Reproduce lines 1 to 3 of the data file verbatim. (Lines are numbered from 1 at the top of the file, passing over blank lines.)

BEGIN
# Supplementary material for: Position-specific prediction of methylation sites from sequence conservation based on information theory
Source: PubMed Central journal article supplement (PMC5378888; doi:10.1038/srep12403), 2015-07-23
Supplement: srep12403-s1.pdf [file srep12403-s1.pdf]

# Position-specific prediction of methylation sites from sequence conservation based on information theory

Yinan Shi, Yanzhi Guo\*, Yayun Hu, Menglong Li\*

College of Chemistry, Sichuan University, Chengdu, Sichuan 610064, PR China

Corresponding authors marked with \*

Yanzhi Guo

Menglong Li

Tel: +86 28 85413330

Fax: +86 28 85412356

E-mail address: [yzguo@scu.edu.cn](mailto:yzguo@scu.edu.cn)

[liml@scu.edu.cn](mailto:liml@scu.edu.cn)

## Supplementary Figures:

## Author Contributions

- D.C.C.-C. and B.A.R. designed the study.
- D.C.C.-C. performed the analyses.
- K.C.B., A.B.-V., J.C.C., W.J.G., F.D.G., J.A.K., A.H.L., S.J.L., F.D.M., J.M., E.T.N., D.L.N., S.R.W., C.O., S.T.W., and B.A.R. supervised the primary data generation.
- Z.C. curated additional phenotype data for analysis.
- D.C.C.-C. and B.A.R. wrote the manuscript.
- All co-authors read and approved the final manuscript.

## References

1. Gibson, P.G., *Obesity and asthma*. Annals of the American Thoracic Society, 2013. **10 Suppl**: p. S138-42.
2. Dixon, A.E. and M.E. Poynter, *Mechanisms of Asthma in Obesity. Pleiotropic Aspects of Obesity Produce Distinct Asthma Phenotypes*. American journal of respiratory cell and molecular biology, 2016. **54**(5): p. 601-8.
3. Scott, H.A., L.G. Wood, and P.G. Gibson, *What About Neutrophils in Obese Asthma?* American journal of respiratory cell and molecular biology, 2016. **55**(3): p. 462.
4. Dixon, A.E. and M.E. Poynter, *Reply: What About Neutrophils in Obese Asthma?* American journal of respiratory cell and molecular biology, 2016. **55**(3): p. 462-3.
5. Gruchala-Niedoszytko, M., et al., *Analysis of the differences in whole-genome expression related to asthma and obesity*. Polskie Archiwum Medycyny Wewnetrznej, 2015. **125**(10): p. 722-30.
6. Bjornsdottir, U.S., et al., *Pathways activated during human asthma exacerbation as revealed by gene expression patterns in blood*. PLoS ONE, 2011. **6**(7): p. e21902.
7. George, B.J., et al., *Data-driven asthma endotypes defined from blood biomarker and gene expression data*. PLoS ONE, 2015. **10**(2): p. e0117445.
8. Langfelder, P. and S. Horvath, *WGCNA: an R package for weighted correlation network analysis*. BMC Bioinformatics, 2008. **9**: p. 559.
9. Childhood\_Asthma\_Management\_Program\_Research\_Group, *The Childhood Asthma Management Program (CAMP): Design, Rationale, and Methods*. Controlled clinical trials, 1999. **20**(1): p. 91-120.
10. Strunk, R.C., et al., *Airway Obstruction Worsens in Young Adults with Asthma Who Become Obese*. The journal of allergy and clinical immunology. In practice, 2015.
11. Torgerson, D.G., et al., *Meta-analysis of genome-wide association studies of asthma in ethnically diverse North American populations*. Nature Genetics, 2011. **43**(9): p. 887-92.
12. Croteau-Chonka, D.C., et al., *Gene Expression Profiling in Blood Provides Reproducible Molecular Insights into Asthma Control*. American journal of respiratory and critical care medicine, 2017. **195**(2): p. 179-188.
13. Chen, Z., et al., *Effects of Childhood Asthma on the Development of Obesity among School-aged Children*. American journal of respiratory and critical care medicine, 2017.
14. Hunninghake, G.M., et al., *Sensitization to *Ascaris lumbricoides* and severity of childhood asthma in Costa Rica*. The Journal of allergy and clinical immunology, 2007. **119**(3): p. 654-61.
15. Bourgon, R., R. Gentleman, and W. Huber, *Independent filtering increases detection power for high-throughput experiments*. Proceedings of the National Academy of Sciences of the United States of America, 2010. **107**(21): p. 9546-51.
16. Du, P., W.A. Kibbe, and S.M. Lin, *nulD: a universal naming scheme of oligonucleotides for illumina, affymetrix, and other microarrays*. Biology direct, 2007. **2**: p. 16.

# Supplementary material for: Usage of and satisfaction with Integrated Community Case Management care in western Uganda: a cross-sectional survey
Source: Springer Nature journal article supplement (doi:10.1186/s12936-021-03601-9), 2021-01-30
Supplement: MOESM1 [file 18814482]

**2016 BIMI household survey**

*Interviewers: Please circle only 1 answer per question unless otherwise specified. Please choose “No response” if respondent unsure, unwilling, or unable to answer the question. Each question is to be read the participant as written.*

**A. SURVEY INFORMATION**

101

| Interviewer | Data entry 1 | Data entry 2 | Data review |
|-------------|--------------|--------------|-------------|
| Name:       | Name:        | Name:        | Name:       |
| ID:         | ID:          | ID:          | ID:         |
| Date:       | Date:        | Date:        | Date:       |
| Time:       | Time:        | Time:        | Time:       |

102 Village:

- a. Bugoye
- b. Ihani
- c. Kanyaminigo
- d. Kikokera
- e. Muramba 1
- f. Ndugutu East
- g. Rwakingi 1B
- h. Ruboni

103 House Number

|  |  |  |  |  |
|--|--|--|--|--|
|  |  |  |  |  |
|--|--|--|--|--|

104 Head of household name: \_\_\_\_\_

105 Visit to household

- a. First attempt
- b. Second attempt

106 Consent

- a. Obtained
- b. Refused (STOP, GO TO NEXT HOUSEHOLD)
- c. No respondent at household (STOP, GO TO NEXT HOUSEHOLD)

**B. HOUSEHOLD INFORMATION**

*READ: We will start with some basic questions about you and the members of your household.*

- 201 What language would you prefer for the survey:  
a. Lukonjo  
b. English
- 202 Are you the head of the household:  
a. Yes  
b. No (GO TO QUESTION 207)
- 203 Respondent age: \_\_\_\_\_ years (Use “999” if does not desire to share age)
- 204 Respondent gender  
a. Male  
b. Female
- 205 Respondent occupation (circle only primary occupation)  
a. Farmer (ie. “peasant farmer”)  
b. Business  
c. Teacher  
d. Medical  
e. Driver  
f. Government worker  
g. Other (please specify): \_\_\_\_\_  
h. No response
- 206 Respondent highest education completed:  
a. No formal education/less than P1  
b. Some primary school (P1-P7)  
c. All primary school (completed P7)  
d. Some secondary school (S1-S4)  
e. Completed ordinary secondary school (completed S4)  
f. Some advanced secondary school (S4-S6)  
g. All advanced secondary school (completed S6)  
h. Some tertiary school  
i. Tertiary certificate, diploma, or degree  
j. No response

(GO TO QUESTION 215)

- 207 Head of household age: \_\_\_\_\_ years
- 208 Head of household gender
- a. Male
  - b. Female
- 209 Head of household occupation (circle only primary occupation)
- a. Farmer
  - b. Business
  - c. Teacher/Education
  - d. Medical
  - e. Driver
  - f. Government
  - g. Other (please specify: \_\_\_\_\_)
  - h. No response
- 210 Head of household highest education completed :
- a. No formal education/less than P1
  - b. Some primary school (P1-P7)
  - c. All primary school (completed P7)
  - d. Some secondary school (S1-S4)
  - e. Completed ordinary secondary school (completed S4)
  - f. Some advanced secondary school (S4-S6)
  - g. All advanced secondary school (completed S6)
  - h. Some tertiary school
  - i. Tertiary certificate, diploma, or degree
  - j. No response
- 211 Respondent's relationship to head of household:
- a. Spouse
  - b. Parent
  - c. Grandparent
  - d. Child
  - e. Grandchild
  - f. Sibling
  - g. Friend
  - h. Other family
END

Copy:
# Supplementary material for: Position-specific prediction of methylation sites from sequence conservation based on information theory
Source: PubMed Central journal article supplement (PMC5378888; doi:10.1038/srep12403), 2015-07-23
Supplement: srep12403-s1.pdf [file srep12403-s1.pdf]